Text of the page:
A Play on War

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Photo Source: William P. Steele
Though little more than a spruced-up remix of Bertolt Brecht's "Mother Courage and Her Children," "A Play on War" has a couple of things going for it. First, there's Jenny Connell's breezy abridged script, which runs only 90 minutes, quite an accomplishment when dealing with any of Brecht's epic pieces, let alone such a faithful retelling of "Mother Courage." Then there are the lush aesthetic frills of conceiver-director Rubén Polendo's production, in which everyone rides bikes through a landscape of stark white costumes and richly colored lights.

By now we're all familiar with the story of Mother Courage (played here with offhanded bite by Mia Katigbak), her kids, and her cart as they make their way across a war-torn country peddling wares in the face of oblivion. That Mama ends up on the receiving end of said oblivion should come as no surprise, but Polendo, through an innovative sampling of Rodgers and Hammerstein's "The Sound of Music" score and Kate Ashton's character-specific lighting design, delivers an ending tableau of unanticipated dexterity. This Mother Courage has used divination to foresee the deaths of all three of her children and ruminates on their plight while Julie Andrew's rendition of the title song from the musical skips and garbles in the background. Such an accomplished juxtaposition of tragic destiny and unbridled optimism compensates for some of the hiccups in Polendo's staging.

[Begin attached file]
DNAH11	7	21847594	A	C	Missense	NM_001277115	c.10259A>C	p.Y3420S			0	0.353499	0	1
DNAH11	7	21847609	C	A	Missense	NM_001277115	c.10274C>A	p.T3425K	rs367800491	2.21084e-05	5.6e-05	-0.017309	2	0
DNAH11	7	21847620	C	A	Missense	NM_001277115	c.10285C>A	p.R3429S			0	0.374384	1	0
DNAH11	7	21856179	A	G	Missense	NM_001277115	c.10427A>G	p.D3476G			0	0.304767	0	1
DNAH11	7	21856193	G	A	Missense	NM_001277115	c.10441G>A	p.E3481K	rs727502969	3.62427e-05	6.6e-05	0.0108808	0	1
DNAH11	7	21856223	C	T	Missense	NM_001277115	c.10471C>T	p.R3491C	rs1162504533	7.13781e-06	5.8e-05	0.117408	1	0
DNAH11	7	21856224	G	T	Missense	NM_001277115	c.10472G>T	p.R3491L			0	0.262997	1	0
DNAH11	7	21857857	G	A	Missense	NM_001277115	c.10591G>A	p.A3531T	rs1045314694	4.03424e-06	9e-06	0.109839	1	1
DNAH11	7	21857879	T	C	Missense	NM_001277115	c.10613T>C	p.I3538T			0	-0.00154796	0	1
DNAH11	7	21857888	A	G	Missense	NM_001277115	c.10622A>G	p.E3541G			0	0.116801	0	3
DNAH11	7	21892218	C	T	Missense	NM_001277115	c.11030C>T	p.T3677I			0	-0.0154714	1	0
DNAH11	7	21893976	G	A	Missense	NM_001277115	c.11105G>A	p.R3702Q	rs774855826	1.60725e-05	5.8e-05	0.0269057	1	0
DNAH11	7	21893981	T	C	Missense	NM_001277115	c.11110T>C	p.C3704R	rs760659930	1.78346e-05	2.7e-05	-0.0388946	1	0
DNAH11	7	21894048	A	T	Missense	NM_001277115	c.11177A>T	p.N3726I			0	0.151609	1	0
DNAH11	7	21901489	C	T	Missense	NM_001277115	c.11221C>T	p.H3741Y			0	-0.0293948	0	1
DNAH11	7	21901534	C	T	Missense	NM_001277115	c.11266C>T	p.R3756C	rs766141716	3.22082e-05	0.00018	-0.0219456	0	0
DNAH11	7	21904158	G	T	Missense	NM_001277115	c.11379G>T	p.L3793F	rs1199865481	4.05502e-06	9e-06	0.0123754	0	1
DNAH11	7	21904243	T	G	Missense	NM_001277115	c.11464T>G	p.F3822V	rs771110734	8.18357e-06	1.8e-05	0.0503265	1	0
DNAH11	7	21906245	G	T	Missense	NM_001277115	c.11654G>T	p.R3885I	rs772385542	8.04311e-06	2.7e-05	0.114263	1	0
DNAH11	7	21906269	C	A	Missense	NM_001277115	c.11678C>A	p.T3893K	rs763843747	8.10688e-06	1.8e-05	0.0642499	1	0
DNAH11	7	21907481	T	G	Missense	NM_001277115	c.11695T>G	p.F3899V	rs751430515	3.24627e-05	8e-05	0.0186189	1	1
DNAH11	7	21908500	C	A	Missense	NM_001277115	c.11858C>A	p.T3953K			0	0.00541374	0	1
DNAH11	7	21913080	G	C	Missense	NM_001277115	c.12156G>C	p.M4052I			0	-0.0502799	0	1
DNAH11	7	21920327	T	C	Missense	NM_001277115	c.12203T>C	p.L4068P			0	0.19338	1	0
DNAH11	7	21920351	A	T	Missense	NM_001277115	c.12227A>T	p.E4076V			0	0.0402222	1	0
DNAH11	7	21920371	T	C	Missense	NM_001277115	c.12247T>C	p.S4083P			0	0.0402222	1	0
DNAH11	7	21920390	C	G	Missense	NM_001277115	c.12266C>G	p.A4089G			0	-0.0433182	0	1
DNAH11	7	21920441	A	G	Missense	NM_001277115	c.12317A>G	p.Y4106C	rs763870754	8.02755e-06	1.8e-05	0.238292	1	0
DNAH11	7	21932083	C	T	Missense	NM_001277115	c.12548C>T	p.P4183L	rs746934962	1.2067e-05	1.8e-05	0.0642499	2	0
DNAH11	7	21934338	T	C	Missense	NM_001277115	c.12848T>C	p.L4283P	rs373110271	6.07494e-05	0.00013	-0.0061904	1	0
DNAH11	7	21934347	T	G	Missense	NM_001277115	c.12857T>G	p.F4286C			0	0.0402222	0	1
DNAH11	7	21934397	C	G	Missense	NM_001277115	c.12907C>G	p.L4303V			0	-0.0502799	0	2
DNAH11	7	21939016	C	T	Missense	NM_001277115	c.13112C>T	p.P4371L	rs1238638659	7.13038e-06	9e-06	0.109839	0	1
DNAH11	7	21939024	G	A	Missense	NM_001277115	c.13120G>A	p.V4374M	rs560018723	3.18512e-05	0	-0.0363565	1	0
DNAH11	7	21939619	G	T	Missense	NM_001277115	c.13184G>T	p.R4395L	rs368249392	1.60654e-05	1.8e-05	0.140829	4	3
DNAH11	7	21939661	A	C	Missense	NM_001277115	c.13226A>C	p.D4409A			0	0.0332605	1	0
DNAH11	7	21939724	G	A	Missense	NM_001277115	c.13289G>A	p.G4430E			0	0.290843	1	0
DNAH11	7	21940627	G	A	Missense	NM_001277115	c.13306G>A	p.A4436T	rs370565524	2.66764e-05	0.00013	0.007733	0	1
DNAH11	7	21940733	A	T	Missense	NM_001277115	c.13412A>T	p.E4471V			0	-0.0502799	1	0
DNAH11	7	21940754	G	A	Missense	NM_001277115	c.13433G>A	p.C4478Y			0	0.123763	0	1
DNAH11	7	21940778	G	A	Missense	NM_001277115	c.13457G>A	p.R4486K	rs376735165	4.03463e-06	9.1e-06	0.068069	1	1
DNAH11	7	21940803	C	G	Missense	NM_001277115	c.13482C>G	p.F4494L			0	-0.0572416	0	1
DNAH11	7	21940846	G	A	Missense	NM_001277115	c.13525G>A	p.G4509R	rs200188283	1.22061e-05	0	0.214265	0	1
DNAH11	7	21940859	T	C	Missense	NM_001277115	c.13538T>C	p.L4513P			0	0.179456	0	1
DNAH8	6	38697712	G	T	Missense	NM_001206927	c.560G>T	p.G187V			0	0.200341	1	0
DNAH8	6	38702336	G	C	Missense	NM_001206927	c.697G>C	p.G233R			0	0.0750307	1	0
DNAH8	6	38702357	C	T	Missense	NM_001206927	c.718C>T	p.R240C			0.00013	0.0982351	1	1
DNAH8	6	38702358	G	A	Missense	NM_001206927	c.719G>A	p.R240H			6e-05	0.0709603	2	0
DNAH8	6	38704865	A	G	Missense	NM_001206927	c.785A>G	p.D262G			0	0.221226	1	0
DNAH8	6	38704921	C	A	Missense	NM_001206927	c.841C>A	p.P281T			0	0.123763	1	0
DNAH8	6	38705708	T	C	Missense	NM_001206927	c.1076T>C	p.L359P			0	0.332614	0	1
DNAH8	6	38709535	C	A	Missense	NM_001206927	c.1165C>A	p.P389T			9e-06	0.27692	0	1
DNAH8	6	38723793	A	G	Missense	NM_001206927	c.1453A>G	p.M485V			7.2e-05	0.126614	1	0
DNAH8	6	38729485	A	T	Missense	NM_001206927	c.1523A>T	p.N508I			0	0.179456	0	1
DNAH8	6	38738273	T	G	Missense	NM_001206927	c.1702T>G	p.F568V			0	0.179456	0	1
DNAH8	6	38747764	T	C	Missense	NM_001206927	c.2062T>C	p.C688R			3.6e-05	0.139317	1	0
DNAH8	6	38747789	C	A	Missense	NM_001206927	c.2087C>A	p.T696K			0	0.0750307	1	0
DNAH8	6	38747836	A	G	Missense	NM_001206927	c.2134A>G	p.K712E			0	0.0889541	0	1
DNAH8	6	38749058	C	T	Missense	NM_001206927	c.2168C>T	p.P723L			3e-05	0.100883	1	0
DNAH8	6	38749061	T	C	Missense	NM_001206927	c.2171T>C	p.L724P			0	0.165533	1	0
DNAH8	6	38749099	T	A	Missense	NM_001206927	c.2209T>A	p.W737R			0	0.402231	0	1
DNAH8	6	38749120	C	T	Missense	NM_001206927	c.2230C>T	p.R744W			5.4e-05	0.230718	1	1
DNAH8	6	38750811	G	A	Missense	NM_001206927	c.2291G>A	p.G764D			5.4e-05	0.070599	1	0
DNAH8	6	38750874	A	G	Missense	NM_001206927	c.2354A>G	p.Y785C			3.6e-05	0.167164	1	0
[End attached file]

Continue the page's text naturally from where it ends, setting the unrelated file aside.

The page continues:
As noted earlier, scenic designer Justin Nestor has put everyone on white bikes, an interesting choice that is almost too arbitrary but nonetheless effectively energetic. In the exemplary Asian-American cast, Nathan Elam and Jon Norman Schneider make strong showings as Courage's two sons, Four Eyes and Suez Cheese, while Nikki Calonge as the silent but manic daughter Birdie is endearingly genuine.


Presented by the National Asian American Theatre Company in collaboration with Theater Mitu at the Connelly Theater, 220 E. Fourth St., NYC. Feb. 16–March 6. Mon.–Fri., 7 p.m.; Sat., 2 and 7 p.m. (212) 352-3101, (866) 811-4111, or www.theatermania.com.